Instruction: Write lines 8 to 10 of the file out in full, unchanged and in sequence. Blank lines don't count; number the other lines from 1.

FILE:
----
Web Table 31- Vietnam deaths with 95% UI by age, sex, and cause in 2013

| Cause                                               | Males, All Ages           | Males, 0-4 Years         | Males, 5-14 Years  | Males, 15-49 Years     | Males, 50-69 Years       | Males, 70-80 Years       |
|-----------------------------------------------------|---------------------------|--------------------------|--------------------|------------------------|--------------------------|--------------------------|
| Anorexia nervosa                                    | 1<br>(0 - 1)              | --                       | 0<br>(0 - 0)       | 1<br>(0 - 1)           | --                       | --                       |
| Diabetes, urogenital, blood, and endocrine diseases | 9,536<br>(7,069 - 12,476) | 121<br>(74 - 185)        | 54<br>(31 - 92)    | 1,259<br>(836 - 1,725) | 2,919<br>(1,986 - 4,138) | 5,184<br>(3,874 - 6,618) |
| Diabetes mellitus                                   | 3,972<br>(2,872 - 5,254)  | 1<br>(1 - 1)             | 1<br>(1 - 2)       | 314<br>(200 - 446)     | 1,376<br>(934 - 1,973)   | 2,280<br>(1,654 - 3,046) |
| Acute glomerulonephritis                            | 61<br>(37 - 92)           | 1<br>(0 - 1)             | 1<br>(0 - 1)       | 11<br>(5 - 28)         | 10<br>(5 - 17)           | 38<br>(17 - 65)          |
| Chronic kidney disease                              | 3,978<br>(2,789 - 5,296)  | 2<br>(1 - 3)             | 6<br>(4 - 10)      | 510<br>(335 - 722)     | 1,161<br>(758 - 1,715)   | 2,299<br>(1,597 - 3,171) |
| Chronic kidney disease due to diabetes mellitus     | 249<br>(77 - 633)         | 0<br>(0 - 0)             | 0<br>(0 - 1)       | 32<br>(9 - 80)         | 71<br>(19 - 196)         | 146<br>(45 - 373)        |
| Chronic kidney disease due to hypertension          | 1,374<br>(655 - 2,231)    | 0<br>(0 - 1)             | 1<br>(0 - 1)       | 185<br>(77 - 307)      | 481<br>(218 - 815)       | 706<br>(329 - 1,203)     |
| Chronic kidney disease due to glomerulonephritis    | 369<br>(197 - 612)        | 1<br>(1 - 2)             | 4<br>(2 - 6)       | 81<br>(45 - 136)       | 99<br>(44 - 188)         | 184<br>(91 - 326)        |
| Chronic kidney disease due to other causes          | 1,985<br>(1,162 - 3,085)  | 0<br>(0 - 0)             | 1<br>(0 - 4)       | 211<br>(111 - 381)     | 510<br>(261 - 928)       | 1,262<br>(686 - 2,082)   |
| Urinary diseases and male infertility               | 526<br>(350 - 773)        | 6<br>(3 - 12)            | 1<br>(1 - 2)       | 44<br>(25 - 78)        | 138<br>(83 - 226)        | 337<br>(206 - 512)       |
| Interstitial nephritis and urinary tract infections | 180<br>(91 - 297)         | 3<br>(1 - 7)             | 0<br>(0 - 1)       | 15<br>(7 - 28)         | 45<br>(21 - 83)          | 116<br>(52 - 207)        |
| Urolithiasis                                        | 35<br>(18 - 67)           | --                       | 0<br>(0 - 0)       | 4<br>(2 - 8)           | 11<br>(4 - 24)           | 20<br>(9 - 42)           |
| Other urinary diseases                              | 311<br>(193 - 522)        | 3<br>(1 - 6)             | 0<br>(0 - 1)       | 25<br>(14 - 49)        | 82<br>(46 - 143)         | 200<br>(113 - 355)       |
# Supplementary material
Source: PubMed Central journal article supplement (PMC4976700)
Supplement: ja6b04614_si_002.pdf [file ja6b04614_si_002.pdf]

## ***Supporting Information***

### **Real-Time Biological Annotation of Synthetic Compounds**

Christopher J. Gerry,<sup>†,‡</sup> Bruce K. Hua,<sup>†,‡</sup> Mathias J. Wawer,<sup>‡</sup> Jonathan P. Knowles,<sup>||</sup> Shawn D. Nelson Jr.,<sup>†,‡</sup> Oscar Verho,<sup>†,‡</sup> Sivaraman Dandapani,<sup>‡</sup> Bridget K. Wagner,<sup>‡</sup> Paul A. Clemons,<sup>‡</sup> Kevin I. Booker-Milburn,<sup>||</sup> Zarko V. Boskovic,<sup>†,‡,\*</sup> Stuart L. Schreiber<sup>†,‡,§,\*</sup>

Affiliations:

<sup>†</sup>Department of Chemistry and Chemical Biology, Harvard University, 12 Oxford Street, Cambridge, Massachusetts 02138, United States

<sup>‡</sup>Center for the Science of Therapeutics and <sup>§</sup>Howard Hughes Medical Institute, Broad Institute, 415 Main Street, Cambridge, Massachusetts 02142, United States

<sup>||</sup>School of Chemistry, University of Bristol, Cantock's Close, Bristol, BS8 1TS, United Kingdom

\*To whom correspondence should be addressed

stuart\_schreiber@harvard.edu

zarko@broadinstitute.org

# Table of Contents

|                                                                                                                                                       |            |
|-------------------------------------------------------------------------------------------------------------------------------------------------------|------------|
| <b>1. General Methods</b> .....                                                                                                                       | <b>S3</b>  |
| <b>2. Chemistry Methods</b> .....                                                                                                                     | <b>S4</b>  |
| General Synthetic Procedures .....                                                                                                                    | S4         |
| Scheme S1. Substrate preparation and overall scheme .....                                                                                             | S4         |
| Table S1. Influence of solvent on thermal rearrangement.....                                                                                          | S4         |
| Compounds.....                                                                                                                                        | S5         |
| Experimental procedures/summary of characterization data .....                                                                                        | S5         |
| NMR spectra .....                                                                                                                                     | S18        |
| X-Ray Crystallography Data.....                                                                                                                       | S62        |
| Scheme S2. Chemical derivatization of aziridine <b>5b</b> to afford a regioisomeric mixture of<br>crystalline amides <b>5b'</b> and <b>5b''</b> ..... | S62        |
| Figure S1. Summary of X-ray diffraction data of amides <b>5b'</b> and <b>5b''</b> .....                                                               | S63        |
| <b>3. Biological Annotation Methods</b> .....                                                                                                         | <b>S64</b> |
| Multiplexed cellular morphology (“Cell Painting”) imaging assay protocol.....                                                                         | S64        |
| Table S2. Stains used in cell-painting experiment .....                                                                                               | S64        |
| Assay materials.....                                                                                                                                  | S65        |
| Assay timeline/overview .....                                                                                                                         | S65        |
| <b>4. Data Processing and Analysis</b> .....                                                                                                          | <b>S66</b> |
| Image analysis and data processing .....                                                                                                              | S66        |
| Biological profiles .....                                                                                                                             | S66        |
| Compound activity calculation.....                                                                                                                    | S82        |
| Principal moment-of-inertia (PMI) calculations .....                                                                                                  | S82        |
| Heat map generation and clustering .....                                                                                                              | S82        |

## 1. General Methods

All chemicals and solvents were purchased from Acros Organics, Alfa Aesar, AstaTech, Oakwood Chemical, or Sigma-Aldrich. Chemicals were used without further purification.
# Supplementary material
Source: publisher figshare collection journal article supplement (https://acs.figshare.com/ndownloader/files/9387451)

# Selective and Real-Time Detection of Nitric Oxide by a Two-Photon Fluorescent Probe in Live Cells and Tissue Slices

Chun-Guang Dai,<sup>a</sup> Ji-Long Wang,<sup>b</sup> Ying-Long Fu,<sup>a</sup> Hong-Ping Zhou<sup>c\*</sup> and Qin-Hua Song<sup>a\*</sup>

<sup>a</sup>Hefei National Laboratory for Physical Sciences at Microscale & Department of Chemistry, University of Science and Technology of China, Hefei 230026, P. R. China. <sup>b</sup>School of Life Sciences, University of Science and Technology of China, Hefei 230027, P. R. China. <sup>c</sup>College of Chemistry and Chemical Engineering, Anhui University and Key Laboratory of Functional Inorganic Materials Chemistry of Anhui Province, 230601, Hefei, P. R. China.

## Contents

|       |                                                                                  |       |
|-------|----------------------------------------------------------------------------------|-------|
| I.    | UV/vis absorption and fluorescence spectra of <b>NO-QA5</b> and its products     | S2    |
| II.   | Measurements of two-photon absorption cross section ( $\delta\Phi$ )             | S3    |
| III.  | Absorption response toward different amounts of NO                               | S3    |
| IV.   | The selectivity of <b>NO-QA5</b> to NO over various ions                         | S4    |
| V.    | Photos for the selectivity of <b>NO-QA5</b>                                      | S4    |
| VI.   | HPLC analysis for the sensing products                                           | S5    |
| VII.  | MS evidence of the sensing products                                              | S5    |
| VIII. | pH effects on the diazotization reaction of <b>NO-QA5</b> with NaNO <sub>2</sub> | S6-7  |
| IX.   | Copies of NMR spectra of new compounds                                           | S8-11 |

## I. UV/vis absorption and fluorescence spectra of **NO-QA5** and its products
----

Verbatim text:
| Chronic kidney disease                              | 3,978<br>(2,789 - 5,296)  | 2<br>(1 - 3)             | 6<br>(4 - 10)      | 510<br>(335 - 722)     | 1,161<br>(758 - 1,715)   | 2,299<br>(1,597 - 3,171) |
| Chronic kidney disease due to diabetes mellitus     | 249<br>(77 - 633)         | 0<br>(0 - 0)             | 0<br>(0 - 1)       | 32<br>(9 - 80)         | 71<br>(19 - 196)         | 146<br>(45 - 373)        |
| Chronic kidney disease due to hypertension          | 1,374<br>(655 - 2,231)    | 0<br>(0 - 1)             | 1<br>(0 - 1)       | 185<br>(77 - 307)      | 481<br>(218 - 815)       | 706<br>(329 - 1,203)     |